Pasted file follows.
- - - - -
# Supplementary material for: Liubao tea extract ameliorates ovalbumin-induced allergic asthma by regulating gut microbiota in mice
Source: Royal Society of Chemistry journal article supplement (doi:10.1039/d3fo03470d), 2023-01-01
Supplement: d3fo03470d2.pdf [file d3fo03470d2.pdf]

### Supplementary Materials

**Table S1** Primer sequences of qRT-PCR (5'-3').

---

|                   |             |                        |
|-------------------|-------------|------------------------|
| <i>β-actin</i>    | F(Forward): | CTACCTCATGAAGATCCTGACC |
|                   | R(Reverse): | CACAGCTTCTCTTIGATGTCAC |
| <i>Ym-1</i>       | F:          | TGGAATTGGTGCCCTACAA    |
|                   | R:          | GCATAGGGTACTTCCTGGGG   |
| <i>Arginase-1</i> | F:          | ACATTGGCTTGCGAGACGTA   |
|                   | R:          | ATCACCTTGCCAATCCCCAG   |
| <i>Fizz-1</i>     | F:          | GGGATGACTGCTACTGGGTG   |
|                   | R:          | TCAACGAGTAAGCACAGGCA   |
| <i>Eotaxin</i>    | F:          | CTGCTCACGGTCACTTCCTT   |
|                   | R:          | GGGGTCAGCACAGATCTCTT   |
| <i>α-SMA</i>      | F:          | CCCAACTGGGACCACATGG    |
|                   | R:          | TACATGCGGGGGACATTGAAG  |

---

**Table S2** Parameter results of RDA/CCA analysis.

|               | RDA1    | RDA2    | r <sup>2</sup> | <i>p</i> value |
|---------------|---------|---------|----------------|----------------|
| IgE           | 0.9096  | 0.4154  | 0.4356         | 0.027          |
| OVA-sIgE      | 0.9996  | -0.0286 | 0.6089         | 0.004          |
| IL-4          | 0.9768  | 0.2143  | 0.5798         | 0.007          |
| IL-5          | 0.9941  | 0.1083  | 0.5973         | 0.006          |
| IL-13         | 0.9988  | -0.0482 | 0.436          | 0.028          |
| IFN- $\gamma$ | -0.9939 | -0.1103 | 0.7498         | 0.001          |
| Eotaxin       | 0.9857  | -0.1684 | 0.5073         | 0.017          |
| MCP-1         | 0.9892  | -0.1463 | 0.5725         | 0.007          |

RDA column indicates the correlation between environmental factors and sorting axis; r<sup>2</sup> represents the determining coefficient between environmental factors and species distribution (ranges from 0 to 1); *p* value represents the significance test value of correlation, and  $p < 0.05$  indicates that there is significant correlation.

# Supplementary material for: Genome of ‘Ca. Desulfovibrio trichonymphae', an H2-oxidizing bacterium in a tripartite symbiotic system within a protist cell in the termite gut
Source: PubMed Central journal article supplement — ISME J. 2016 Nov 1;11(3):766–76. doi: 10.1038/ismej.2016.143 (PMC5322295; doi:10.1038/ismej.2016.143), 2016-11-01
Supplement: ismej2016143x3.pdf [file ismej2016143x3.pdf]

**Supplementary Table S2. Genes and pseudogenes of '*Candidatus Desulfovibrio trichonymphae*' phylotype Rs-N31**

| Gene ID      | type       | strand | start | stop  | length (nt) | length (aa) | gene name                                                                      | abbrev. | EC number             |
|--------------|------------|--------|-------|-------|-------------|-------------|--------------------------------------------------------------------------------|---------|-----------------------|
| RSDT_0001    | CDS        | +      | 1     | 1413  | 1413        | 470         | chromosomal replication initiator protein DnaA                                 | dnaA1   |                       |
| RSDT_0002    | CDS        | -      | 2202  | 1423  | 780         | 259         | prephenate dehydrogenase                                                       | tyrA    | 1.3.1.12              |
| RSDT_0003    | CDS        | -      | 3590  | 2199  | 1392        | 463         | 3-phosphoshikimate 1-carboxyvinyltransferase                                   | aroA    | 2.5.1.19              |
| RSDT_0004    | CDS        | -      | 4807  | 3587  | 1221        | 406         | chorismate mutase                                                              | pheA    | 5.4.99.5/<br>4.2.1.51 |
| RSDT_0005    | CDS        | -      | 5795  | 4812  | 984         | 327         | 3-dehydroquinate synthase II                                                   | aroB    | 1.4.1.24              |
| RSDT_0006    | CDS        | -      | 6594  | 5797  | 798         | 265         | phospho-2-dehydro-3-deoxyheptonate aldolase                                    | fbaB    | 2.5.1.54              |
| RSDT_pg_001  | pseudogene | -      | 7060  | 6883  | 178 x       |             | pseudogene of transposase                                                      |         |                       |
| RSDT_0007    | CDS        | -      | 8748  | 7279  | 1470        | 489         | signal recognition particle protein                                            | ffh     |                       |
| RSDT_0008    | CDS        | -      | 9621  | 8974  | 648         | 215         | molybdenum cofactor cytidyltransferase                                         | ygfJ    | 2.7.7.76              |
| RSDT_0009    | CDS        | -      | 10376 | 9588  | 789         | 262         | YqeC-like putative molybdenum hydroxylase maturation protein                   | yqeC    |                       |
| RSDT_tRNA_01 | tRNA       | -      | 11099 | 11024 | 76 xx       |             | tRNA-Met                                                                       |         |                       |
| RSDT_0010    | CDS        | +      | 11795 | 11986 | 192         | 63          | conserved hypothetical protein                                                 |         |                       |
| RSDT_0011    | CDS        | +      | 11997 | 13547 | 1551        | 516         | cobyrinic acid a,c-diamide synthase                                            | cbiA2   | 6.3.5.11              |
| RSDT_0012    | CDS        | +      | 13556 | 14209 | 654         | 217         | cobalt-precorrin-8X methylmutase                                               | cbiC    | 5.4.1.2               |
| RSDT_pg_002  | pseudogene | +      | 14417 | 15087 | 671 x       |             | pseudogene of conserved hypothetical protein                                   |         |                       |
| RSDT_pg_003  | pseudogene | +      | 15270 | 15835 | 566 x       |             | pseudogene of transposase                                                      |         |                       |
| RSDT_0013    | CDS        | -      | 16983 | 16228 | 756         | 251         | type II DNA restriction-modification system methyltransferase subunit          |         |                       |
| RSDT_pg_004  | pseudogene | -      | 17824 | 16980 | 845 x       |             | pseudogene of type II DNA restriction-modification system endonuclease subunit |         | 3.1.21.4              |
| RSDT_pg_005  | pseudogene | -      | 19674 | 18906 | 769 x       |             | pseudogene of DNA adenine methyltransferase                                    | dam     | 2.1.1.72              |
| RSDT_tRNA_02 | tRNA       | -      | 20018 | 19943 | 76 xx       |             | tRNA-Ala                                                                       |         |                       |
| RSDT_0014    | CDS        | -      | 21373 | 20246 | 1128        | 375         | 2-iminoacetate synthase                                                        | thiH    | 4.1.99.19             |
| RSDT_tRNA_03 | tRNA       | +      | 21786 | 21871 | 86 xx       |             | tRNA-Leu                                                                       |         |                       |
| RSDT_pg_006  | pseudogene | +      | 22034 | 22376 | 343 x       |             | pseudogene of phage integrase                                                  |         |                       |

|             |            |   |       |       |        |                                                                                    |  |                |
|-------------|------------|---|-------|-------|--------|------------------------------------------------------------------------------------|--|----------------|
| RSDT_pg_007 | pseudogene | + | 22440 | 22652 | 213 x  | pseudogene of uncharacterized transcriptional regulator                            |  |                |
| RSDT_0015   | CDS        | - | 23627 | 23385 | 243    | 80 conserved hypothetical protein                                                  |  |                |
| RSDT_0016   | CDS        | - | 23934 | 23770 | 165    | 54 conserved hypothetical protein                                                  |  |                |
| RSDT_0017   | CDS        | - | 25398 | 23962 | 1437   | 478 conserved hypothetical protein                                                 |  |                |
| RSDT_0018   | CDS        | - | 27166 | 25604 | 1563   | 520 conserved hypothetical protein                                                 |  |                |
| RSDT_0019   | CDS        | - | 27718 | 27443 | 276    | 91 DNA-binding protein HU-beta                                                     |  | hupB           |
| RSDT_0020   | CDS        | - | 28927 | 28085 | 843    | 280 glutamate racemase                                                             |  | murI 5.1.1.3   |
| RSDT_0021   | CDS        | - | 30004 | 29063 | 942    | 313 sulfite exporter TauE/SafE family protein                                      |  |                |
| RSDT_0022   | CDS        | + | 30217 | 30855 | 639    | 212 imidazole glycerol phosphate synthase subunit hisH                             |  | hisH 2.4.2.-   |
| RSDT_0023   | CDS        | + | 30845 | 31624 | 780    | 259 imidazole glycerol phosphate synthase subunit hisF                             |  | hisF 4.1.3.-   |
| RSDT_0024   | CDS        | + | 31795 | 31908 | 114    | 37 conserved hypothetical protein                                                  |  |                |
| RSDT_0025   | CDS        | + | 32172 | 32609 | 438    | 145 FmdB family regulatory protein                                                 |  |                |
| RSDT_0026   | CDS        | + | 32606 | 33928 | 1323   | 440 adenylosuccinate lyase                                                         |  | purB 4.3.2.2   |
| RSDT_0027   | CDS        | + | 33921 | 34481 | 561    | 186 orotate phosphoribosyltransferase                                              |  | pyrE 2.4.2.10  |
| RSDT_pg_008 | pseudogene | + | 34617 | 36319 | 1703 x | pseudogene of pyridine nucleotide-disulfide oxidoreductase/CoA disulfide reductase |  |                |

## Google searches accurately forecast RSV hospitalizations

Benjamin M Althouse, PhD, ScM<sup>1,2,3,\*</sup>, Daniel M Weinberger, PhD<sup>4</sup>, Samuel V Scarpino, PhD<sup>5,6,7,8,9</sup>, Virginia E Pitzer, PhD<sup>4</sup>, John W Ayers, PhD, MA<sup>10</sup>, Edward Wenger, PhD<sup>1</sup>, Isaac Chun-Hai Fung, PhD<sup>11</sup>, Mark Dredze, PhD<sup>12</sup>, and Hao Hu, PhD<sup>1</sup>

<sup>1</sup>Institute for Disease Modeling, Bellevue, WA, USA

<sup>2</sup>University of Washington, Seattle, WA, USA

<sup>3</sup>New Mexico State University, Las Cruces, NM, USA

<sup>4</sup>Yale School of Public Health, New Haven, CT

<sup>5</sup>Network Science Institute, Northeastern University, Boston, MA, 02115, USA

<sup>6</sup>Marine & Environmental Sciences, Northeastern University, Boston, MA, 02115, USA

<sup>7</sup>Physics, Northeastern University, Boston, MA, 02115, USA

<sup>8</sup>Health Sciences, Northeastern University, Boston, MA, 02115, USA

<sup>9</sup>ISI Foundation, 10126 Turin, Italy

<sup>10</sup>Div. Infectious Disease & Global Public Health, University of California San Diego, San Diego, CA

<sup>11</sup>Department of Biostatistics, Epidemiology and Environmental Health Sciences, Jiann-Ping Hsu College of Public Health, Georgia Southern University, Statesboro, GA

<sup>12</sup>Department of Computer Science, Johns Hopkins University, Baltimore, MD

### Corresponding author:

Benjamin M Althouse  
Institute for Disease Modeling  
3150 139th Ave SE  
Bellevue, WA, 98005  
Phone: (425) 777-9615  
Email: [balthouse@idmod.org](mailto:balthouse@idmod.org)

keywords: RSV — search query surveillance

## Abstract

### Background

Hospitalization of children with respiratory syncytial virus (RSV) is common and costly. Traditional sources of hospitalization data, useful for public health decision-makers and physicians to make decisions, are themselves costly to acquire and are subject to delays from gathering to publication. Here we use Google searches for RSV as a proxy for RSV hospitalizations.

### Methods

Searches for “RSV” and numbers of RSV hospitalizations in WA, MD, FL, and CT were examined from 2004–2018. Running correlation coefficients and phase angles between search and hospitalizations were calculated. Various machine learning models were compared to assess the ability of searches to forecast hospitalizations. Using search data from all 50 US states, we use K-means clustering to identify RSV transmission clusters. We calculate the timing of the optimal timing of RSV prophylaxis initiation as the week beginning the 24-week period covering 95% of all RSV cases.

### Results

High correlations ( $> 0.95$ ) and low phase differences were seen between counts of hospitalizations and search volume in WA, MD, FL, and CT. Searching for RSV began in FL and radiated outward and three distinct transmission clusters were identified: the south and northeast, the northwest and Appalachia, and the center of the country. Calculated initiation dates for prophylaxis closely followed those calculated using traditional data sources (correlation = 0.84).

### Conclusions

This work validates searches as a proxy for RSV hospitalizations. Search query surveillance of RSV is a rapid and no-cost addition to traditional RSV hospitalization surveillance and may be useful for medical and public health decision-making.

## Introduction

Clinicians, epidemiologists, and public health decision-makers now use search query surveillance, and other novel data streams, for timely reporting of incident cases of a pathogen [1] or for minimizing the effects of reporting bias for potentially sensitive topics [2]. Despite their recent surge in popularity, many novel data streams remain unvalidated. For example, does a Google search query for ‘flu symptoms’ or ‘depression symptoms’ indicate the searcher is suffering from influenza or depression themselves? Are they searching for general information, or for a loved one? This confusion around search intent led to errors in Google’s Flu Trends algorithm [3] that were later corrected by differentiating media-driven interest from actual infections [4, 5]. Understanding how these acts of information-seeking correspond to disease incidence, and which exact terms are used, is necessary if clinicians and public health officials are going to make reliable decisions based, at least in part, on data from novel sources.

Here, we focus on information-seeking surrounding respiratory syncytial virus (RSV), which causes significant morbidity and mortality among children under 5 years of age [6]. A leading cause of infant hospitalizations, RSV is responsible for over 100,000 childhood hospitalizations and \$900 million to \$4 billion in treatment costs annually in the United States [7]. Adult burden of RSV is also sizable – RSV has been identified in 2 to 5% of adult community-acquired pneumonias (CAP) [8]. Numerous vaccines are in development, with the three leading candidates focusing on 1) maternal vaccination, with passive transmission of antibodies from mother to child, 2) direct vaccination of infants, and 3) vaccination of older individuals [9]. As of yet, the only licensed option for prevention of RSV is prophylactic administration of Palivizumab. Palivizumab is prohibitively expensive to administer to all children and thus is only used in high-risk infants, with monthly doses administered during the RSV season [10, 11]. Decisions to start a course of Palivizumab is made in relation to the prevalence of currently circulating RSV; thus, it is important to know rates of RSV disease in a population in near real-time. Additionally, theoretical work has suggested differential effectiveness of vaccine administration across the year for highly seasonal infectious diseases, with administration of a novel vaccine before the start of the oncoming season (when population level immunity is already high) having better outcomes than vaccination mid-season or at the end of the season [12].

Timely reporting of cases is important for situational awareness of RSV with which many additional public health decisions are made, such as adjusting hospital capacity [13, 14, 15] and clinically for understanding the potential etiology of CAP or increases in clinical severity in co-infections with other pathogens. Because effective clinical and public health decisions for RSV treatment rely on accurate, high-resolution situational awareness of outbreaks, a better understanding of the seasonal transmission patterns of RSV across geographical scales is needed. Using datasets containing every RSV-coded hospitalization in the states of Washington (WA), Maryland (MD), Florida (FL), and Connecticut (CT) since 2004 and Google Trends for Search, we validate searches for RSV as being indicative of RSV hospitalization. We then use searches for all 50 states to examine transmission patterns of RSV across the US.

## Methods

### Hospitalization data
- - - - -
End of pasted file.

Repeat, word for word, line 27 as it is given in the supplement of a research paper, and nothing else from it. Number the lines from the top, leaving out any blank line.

| IL-4          | 0.9768  | 0.2143  | 0.5798         | 0.007          |